The simultaneous allocation of all the plots of land raises troubling issues that go beyond the unquestionable constitutional right of every person to acquire and own property. Was the purchase of any of these plots funded in whole or in part by some of the sum of N75 million that Farida Waziri was said to have withdrawn from the EFCC accounts? Did Farida Waziri use her influence over the former FCT Minister (Aliyu Modibo) who authorised the allocations and who according to the SaharaReporters she was investigating at the relevant time, to obtain a reduced price for, or to confer any other corrupt or unfair advantage upon, any of the senior journalists?
In addition to these serious questions of criminal law, there is the equally important ethical issue of whether the land transactions, or any other undisclosed transactions, have infected any of the named journalists with a conflict of interest. In other words, did the land transactions jeopardise the integrity of these senior editorial figures that are required to make editorial decisions (including those affecting the EFCC and the FCT) purely on sound, objective and impartial professional judgement?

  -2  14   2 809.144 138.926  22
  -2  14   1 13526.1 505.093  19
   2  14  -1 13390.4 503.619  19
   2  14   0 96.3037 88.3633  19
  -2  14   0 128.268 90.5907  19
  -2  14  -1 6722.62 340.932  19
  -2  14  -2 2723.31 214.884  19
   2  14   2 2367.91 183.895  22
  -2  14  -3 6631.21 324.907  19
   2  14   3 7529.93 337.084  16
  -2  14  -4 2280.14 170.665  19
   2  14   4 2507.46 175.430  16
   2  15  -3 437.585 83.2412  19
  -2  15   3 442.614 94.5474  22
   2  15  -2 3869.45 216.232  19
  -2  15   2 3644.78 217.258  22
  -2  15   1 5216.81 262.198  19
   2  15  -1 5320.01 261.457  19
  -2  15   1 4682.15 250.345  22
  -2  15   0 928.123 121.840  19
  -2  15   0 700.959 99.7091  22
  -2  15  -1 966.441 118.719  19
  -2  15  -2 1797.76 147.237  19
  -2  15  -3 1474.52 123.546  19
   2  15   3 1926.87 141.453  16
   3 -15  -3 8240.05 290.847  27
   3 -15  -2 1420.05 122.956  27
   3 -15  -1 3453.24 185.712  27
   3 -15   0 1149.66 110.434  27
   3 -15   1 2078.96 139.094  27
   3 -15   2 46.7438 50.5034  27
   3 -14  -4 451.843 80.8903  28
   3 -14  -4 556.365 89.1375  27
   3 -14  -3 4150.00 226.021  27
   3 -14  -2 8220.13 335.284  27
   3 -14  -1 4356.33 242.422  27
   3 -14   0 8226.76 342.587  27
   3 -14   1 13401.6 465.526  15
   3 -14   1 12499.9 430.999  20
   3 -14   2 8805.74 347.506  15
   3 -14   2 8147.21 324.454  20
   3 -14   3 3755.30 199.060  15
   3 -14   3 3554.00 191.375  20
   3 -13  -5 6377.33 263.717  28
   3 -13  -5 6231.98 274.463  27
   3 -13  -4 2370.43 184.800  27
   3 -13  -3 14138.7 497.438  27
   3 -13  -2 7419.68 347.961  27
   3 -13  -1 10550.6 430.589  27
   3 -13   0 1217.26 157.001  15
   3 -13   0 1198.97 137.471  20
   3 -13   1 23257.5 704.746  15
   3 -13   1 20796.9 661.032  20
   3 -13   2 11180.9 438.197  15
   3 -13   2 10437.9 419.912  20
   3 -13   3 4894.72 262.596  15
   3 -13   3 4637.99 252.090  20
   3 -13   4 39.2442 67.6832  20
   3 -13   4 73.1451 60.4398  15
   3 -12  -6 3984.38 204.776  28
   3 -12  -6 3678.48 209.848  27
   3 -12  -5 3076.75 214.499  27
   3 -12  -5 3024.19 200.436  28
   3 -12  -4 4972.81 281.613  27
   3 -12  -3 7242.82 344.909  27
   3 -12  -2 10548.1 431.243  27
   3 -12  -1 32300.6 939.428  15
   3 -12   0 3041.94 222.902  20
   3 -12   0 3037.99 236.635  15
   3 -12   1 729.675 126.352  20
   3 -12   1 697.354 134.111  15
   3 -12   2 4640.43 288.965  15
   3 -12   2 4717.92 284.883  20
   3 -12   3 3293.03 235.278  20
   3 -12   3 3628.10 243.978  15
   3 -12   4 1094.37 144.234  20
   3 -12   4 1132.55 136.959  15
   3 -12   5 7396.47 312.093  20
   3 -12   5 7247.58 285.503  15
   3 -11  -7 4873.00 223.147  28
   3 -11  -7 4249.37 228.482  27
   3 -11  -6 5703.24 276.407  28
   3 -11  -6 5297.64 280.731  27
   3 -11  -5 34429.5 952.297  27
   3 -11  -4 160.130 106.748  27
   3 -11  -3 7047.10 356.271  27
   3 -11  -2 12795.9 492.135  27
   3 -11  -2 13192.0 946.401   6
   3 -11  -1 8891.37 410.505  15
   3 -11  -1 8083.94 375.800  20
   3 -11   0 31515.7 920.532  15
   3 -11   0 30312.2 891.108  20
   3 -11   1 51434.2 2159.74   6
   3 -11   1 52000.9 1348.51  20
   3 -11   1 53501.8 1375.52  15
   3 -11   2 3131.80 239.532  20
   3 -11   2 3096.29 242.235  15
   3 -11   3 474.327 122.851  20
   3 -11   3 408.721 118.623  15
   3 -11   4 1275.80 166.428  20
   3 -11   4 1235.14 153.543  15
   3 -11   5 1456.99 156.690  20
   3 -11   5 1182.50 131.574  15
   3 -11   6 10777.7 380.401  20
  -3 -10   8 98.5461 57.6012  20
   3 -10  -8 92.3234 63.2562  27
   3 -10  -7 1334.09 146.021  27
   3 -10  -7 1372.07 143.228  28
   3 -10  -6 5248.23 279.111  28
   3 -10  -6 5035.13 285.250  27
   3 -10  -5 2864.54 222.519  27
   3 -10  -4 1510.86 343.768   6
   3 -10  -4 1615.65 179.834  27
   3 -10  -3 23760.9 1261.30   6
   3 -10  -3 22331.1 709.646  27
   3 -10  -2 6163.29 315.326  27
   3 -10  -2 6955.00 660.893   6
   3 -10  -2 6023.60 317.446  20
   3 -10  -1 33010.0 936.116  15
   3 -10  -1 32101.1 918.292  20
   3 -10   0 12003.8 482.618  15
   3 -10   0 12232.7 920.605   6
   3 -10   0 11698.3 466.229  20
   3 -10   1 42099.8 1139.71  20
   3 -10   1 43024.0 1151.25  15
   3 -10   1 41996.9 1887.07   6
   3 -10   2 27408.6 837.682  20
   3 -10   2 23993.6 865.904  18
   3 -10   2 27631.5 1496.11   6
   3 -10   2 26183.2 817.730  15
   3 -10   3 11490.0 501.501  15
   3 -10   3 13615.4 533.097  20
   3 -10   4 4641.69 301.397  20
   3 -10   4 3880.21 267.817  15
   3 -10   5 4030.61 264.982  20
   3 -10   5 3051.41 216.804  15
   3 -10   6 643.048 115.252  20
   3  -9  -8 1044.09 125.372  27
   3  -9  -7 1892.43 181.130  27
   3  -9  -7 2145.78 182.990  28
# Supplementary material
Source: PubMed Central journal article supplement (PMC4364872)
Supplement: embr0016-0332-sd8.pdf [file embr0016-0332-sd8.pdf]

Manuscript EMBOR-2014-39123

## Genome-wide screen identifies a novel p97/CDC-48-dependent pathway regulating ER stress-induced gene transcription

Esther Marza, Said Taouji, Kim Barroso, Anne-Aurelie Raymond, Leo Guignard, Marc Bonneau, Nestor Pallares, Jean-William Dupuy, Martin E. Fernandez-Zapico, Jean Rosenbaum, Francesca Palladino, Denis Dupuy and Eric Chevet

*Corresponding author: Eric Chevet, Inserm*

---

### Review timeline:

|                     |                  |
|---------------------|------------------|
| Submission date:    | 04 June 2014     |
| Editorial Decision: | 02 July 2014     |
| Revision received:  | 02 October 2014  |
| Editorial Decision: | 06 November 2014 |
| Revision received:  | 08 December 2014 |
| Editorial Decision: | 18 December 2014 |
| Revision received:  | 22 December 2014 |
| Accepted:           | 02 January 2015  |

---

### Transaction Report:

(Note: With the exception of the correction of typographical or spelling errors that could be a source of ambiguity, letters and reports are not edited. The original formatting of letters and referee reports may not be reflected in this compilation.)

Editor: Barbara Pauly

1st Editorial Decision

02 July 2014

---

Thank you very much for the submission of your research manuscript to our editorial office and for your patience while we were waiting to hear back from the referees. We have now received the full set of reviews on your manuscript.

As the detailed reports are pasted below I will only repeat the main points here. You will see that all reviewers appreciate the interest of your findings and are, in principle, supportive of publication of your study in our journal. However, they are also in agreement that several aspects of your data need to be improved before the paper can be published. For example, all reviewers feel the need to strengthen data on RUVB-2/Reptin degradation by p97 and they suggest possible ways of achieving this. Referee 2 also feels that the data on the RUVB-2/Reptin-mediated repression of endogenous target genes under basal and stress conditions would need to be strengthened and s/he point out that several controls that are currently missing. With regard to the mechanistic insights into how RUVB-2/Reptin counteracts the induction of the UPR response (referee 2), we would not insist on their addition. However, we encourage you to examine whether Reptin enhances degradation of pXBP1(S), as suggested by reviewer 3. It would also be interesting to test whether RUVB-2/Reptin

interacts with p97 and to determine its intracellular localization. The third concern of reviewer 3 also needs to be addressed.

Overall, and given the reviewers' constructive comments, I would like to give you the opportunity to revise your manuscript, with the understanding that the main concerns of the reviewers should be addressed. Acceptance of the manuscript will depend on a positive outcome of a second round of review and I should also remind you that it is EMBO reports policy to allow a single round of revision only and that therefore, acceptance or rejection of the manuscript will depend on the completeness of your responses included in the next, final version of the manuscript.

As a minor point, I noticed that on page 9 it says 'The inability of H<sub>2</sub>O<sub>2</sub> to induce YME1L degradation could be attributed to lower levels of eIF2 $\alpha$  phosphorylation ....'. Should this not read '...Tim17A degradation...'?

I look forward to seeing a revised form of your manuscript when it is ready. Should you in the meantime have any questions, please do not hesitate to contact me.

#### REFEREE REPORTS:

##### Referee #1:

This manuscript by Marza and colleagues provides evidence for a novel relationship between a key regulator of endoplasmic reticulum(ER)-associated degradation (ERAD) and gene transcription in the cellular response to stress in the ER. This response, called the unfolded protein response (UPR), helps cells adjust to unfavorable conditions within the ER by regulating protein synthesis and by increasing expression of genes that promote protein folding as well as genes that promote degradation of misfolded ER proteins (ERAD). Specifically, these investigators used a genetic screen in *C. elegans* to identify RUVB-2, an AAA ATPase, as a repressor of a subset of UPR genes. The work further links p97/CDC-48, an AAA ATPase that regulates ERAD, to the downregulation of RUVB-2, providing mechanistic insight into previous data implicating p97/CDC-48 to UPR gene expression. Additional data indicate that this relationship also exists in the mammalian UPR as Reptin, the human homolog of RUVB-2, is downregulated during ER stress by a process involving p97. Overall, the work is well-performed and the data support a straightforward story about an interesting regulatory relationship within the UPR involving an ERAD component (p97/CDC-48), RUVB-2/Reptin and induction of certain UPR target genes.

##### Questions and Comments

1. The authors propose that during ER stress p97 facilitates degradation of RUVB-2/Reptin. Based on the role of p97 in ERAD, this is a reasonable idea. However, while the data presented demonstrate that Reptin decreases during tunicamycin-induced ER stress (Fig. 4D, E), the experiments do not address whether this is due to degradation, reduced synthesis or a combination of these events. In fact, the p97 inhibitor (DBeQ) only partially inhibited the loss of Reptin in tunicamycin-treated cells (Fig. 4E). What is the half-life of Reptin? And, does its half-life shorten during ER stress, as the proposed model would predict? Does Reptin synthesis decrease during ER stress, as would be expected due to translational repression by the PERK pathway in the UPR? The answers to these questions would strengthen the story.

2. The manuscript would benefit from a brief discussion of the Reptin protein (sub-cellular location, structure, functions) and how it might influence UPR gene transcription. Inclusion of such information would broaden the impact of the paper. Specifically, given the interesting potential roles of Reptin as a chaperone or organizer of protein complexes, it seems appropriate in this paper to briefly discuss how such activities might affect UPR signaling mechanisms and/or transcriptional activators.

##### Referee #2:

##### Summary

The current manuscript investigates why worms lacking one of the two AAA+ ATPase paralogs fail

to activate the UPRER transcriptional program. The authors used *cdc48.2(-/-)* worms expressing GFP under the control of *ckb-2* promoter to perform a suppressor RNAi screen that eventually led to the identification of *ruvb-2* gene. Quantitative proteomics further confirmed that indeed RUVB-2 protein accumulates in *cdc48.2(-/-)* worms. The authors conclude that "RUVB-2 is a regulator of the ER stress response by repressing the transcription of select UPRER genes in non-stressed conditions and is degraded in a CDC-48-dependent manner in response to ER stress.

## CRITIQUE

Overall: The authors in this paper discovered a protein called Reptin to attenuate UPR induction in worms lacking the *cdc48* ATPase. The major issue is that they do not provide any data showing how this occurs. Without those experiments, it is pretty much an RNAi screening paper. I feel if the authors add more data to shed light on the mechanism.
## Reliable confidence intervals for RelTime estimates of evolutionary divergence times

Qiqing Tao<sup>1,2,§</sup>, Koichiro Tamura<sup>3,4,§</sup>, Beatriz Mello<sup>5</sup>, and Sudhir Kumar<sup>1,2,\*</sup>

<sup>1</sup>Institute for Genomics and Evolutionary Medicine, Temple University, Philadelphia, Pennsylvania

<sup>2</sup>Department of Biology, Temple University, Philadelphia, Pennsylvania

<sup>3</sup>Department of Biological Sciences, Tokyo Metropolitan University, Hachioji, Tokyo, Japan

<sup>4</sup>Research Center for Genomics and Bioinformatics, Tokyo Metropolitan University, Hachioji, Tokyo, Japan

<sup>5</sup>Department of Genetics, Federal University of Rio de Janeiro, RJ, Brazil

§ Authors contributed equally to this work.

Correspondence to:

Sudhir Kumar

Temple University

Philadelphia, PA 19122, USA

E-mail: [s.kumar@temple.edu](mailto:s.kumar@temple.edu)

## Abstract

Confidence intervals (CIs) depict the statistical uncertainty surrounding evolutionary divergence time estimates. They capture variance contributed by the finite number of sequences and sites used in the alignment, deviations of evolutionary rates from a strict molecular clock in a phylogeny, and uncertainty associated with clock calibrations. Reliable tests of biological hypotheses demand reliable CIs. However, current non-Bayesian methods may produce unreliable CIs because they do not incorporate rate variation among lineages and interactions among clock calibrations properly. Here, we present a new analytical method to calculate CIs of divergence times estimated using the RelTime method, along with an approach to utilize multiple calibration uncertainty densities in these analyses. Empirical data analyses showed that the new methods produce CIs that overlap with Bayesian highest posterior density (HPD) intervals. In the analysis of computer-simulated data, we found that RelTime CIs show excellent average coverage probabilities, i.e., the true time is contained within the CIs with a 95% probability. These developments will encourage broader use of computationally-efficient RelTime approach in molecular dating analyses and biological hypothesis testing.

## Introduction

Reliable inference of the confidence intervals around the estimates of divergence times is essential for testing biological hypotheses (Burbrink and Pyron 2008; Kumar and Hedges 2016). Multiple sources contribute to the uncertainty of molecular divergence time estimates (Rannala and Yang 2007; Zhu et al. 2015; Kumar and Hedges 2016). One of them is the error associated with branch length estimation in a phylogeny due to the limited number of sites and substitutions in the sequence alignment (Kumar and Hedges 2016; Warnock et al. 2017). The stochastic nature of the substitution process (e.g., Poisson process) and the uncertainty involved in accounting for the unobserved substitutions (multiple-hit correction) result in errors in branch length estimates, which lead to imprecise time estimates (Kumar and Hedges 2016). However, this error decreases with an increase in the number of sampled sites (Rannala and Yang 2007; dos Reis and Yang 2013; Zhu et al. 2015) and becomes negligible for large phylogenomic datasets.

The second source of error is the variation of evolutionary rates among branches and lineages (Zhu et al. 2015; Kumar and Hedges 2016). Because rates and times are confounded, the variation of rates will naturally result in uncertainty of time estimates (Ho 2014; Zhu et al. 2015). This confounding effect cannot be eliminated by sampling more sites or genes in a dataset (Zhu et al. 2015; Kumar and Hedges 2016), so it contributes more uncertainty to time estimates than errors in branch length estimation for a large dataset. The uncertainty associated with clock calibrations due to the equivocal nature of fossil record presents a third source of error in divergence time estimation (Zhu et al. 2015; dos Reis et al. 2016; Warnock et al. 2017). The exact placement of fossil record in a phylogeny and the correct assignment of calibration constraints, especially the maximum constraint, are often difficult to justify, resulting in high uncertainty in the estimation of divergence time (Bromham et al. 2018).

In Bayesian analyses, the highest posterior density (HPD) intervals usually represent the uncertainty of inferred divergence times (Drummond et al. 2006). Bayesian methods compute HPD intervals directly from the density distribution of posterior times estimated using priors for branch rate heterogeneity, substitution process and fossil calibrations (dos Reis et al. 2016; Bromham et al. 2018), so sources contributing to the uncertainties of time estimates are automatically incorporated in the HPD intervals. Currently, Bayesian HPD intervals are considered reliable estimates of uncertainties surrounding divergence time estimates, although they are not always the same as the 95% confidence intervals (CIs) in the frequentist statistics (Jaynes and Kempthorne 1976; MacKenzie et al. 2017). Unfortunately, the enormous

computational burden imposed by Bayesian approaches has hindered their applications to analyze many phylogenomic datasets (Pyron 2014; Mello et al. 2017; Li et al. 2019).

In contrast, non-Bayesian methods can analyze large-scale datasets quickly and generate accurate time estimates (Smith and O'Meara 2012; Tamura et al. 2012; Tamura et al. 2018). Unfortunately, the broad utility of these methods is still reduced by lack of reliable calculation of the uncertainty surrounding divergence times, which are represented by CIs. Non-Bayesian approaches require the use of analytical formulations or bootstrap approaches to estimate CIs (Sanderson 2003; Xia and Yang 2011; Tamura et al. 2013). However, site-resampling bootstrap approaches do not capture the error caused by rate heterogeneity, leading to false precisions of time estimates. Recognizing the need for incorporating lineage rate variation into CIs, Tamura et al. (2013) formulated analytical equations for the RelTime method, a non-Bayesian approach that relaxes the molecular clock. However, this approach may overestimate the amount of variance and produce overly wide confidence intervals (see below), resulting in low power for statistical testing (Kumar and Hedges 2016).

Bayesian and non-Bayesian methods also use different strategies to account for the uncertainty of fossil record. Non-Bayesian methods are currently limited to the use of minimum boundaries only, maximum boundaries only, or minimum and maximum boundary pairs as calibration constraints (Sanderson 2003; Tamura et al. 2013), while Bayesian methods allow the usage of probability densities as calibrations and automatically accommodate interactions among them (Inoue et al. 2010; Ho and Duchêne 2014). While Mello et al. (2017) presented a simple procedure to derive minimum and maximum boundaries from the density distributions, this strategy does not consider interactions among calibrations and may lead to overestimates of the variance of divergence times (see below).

Dr Reuben Abati is a national institution and as a result his alleged, and as yet undenied, involvement in the matter has raised the greatest controversy amongst the chattering class. On 10 January, the website Nigeria Village Square published an article by Wale Akin titled ‘A Conspiracy Theory - A Damage Control Exercise?’ Akin complained that “Dr Reuben Abati did not address the issue raised by Sahara Reporters at all but dedicated the entire article to the scam which he titled “The Scam that failed”, a reference to Abati’s account of how scammers tried to use his good name to defraud people. Akin suggested that Abati’s article published on 9 January 2009 “may be a diversionary tactic to douse tension”, and asked: “Is this a damage control exercise or something related to it?”